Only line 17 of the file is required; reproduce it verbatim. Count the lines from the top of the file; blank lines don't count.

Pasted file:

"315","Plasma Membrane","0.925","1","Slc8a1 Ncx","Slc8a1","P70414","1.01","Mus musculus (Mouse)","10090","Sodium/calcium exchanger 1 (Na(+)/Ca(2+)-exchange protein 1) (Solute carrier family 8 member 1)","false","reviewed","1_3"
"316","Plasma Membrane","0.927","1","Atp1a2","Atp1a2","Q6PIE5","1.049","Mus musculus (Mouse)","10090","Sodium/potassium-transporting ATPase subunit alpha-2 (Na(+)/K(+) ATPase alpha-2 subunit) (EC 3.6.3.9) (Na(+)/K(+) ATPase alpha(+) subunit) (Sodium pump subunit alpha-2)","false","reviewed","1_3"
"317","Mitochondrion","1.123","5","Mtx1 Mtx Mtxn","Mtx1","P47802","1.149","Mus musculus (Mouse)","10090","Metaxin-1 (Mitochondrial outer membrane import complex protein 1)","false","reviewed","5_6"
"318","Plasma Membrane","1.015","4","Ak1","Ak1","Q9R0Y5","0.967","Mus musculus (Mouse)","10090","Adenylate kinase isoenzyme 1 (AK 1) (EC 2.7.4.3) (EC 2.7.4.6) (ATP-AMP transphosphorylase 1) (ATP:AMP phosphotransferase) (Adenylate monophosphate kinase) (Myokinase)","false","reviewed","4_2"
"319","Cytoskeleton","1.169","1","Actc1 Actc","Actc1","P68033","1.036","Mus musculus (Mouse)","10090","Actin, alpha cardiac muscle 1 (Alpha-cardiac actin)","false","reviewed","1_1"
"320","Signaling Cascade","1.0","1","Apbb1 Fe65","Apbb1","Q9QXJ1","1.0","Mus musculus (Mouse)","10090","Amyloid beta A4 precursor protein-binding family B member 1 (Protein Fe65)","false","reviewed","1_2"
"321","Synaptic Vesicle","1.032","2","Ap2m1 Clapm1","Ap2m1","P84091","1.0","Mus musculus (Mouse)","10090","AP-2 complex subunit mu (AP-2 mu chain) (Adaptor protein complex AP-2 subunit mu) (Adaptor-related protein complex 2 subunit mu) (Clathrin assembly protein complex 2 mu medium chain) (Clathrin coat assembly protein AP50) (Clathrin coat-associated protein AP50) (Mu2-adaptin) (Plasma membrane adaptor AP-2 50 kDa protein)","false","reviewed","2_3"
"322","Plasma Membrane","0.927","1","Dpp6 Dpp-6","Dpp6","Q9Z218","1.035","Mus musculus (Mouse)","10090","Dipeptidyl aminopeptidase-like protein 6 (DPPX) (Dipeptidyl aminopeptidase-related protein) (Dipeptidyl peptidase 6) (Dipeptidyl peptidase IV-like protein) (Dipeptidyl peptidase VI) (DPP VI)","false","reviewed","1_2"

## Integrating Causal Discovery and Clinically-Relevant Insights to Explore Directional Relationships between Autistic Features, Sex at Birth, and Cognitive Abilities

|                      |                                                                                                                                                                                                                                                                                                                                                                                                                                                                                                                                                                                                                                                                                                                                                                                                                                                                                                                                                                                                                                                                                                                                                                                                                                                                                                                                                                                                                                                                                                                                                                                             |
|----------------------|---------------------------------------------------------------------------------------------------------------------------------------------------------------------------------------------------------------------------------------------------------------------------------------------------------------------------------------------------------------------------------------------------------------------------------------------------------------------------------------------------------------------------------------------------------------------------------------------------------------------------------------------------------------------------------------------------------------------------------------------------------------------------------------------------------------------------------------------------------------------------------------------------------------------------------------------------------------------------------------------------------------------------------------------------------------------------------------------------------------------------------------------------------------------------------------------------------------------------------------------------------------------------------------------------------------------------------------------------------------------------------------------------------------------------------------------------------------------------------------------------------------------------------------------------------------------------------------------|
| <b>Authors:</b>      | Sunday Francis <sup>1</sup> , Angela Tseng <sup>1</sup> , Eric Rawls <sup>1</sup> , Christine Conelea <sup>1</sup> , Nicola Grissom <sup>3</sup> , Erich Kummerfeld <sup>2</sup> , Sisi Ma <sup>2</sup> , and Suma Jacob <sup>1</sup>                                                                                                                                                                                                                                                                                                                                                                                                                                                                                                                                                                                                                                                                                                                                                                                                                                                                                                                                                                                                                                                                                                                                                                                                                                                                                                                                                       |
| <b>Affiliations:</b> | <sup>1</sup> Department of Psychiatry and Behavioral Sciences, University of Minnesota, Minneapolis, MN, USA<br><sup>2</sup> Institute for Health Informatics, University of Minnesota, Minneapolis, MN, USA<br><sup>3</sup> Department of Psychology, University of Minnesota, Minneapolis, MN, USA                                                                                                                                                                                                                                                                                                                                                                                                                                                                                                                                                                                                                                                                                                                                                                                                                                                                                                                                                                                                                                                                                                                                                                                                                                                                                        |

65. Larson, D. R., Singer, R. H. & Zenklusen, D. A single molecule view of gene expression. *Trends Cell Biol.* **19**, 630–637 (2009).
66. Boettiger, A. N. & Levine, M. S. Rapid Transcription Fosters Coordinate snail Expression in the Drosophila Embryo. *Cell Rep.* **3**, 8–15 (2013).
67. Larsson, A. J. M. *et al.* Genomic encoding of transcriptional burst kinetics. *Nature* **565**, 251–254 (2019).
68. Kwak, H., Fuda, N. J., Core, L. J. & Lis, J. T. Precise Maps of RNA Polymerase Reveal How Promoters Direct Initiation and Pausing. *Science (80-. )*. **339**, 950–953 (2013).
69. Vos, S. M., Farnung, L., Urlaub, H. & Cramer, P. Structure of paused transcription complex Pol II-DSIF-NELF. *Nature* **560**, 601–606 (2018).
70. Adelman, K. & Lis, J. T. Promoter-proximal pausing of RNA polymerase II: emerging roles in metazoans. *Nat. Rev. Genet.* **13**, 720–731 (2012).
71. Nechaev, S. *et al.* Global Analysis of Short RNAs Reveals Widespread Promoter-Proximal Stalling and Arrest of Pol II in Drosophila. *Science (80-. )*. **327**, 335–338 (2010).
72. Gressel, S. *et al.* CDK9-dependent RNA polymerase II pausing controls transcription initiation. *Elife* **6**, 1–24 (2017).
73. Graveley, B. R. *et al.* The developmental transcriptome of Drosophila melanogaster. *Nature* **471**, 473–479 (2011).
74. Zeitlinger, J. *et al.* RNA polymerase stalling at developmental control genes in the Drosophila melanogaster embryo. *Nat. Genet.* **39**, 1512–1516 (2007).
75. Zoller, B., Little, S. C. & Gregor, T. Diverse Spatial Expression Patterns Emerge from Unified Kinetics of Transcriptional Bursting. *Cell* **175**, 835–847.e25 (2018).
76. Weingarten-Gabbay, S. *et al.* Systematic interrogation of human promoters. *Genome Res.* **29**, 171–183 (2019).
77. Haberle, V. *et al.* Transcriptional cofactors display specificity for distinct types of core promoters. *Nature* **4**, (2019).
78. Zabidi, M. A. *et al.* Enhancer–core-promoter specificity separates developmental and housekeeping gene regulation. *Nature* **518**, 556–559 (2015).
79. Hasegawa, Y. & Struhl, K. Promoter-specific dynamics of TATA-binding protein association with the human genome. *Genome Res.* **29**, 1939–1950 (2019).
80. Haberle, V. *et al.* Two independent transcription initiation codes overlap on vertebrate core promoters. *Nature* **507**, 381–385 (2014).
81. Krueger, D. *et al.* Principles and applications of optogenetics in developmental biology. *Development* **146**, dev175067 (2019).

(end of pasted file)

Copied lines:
68. Kwak, H., Fuda, N. J., Core, L. J. & Lis, J. T. Precise Maps of RNA Polymerase Reveal How Promoters Direct Initiation and Pausing. *Science (80-. )*. **339**, 950–953 (2013).